Milk Wars: Now it’s Amul vs Aavin in Tamil Nadu. The controversy explained

Milk Wars: Now it’s Amul vs Aavin in Tamil Nadu. The controversy explained

Milk Wars: Now it’s Amul vs Aavin in Tamil Nadu. The controversy explained

The milk wars continue in India, spelling more trouble for popular dairy giant Amul. The row with Karnataka’s local brand Nandini hit headlines last month and became an election talking point as the state went to polls. Now yet another southern state is up in arms with the Gujarat-based behemoth. In Tamil Nadu, it’s Amul vs Aavin.

We take a look at the controversy.

What is Aavin?

Diary cooperatives have been functioning in Tamil Nadu since 1981 and benefit rural milk producers and consumers. Aavin is a state government cooperative in the state, leading the effort.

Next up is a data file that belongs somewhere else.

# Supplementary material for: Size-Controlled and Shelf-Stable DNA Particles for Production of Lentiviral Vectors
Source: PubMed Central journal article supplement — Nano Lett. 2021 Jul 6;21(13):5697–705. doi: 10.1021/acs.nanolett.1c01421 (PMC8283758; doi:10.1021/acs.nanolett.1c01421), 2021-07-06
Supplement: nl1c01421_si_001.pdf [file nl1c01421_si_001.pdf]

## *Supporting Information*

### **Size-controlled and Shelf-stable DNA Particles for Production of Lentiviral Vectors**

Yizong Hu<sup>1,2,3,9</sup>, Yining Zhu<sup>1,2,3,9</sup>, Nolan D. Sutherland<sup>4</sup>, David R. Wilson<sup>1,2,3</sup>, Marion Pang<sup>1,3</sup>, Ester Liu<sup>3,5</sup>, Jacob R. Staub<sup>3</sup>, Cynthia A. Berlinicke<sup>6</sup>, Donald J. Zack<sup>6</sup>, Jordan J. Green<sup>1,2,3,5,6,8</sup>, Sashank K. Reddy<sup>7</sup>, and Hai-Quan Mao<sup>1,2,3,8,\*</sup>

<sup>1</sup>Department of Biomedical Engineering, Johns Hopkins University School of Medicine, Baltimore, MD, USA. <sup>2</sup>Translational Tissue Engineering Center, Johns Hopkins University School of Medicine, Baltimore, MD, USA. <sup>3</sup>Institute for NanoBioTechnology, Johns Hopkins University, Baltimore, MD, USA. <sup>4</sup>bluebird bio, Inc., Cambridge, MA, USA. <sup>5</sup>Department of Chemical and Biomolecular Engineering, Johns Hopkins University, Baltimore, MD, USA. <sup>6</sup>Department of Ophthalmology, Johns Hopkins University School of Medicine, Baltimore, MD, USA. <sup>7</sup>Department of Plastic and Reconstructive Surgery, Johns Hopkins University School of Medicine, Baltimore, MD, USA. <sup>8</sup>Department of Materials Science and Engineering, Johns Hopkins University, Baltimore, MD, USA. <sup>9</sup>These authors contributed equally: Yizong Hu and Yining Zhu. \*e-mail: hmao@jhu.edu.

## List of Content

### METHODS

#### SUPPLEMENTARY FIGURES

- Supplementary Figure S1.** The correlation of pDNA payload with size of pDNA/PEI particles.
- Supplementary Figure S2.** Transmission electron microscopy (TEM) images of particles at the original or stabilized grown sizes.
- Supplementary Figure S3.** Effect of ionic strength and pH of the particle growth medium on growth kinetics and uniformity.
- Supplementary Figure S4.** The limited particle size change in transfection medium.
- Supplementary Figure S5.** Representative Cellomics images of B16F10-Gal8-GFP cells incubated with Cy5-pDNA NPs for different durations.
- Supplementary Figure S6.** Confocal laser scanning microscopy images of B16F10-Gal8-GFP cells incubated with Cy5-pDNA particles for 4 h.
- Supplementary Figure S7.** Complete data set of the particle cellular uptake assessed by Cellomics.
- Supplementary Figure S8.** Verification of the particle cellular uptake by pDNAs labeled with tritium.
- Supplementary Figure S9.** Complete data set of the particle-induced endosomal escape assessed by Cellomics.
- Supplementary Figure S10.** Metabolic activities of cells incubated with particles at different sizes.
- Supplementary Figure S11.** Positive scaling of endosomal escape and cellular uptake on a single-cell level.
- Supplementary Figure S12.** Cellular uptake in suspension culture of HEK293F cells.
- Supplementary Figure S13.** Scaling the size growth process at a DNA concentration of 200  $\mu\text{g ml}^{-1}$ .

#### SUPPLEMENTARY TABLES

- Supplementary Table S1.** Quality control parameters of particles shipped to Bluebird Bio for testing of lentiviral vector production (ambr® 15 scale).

Under Aavin, about 9,673 cooperative societies are functioning in rural areas and they procure 35 lakh litres per day of milk from about 4.5 lakh members, according to Tamil Nadu chief minister MK Stalin.

Aavin offers various resources such as cattle feed, fodder, mineral mixtures, and animal health care and breeding services to enhance and maintain milk production in Tamil Nadu. Moreover, it ensures the supply of high-quality milk and dairy products to consumers at some of the country’s lowest prices.

Aavin thus plays a crucial role in improving the livelihoods of rural milk producers and in meeting consumers’ nutritional needs, says the CM.

What is the row?

Amul has been reportedly procuring milk from the shed of Aavin and selling its products in the southern state. This is not gone down well with the people of Tamil Nadu

The chief minister has written Union home minister Amit Shah to instruct Amul to stop procurement activities in the state immediately.

In a letter to Shah, Stalin expressed concerns about the implications of milk collection by the Kaira District Cooperative Milk Producers’ Union, commonly known as Amul, in Tamil Nadu’s dairy-producing regions which could affect Aavin, the Tamil Nadu Co-operative Milk Producers Federation, according to a report by news agency PTI.